Originally Published: November 19, 2016 6:01 a.m.
PRESCOTT – On Veterans Day, Lester Quitney was surrounded by love – from his family, from fellow veterans, and from community neighbors happy to salute a man who volunteered to serve this nation.
The Quitneys’ only son, Mark, the executive chef for the Sheraton Hotel in New Orleans and father of the Quitneys’ twin granddaughters, took a redeye flight to Prescott to be with his father and mother, Nancy, and their Yorkiepoo, Charlie, for the city’s annual Veterans Day Parade ceremonies and celebration. They were able to get a spot right up close to the parade participants.
“It was beautiful. They did such a good job,” Quitney said of being with thousands of patriotic community members eager to pay tribute to this nation’s heroes of yesteryear and today. The parade’s theme this year was “Women in the Military — Past, Present and Future.” “Charlie didn’t like the drums.”
A New York City son of Russian Jewish immigrants, the now 85-year-old Las Fuentes Assisted Living resident recalls with clarity how he ended up enlisting in the United States Air Force — all because he had flat feet.
It was May 1951. The United States military was embroiled in the Korean War, and many of Quitney’s friends had already been shipped overseas. He decided he was ready to do his duty.
So he went to the United States Navy recruiter. One look at his feet and he heard, “Sorry, son.” Next in the row was the U.S. Marines — “I’m not that crazy,” Quitney said. He had similar sentiment for the U.S. Army. That left him at the door of the U.S. Air Force.
With a thought it might take a few weeks, Quitney went in, and they gave him some paperwork and a blood test. He passed. And they told him to report the next morning. Before he nearly had time to blink, Quitney was on a bus headed for the now-closed Sampson Air Force Base near Seneca Lake, N.Y.
“It’s cold as heck in the winter,” Quitney recalled.
His first memory of his arrival at Sampson had nothing to do with weather, but rather the reception of his military officers. He had only just walked into his barracks when he was informed by a sergeant that his bed needed to be made so tight a dime could bounce right back off. On his tries, Quitney was unable to meet the test.
“Hit the deck,” he recalls the sergeant shouting in his ear as he was forced to do multiple push-ups.
“What the heck am I doing here?” Quitney said of the question he then asked himself.
From there, more military reality ... pre-dawn calisthenics.
“And I’m dying for a cup of coffee,” Quitney said.
Then he got to the kitchen, and coffee seemed not quite so appealing. He wrinkles his nose in memory.
“The only good thing they had in that mess hall was boiled eggs,” Quitney said.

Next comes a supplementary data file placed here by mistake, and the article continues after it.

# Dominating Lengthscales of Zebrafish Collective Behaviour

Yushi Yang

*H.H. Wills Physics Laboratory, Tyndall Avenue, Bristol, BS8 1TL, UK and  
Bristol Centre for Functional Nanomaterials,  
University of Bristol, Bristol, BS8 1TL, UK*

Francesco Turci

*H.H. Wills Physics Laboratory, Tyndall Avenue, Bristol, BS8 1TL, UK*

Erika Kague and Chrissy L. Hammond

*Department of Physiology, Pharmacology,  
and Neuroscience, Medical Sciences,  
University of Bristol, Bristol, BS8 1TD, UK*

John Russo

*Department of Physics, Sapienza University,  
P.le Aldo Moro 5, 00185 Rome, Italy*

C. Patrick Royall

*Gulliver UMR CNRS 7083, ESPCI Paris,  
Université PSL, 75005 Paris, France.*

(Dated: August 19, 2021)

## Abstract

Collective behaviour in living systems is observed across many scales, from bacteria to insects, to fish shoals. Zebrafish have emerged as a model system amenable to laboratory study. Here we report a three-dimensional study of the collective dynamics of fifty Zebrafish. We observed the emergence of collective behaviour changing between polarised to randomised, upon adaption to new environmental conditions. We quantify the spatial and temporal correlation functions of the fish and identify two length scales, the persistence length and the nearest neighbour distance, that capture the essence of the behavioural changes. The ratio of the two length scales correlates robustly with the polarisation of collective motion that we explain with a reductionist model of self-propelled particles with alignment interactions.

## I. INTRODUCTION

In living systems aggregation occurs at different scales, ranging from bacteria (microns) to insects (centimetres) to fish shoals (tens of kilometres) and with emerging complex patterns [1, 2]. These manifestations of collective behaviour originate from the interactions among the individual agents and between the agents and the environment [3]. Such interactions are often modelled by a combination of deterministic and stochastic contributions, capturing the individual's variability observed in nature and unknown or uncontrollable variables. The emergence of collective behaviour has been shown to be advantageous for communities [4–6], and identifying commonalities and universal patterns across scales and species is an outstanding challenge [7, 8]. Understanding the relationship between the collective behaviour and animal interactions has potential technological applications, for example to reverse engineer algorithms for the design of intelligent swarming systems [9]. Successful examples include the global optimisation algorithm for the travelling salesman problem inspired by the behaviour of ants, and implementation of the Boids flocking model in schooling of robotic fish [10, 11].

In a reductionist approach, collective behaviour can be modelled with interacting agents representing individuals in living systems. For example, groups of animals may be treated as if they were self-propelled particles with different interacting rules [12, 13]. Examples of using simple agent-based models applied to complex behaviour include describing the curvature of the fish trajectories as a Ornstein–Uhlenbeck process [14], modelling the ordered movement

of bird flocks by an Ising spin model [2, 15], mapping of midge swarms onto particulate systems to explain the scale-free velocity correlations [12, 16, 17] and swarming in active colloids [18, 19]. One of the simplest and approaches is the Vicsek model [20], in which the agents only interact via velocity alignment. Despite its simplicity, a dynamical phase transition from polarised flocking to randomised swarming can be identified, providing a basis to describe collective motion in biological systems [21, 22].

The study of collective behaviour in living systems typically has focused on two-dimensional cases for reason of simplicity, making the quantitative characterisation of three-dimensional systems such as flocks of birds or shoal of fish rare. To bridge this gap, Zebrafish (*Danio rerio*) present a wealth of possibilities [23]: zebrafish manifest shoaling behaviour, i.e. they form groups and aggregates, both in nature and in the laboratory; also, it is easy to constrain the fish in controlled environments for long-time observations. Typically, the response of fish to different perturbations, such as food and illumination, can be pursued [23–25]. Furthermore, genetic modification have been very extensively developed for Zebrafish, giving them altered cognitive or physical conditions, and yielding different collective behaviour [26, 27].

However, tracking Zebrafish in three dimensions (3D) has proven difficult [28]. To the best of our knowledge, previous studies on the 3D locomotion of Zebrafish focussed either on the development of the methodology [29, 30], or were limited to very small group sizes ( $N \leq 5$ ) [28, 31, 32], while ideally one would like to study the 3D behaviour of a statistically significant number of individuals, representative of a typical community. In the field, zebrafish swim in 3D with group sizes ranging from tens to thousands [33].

Eager to get an overseas assignment, Quitney instead was assigned to be a jet engine mechanic and was shipped off to the McConnell Air Force base in Wichita Falls, Kansas. It didn’t seem to matter to anyone there that he hadn’t picked up a tool in six months, and knew next to nothing about airplane engines. He was a fast learner.
He was sent to a specialty school in Illinois, and earned a certificate as a hydraulic specialist. He returned to Wichita Falls, with some stops in the Southwest before he eventually was shipped to San Bernardino, California. There, he was assigned to preflight inspections for jets pilots were to fly into battle.
One such inspection went awry.
An oxygen tank one of the other civilian workers was preparing to install in the jet exploded next to Quitney, one he described as “like the Fourth of July.” The good fortune was the explosion did not reach any of the other nearby planes “or we all would have been killed.”
Quitney suffered five compound fractures in his right hand as well as second and third-degree burns across his upper torso – he said he still has some shrapnel from the tank embedded in his left arm.
“I never did get to Korea – three years, eight months and six days,” said Quitney who ended up spending 20 months back at the Sampson Air Force Base, the closest to his home. “They lost money on me.”
Once Quitney recovered, he used the GI bill to earn a college degree. He ended up at the University of Arizona, where he earned an accounting degree in 1959.
In his college years, Quitney also met and married his wife, Nancy, a red-headed native of the Bronx. Quitney launched a career working for various government agencies between New York, California and Arizona. He retired in 1986.
Until ill health forced Quitney to slow his pace, the couple traveled the country in a motor home; Nancy danced and performed in theatrical productions with her husband a sideline fan; both were avid bowlers.
The couple also have a year-old great-granddaughter, Abigail.
“We’ve had some adventures,” Quitney said.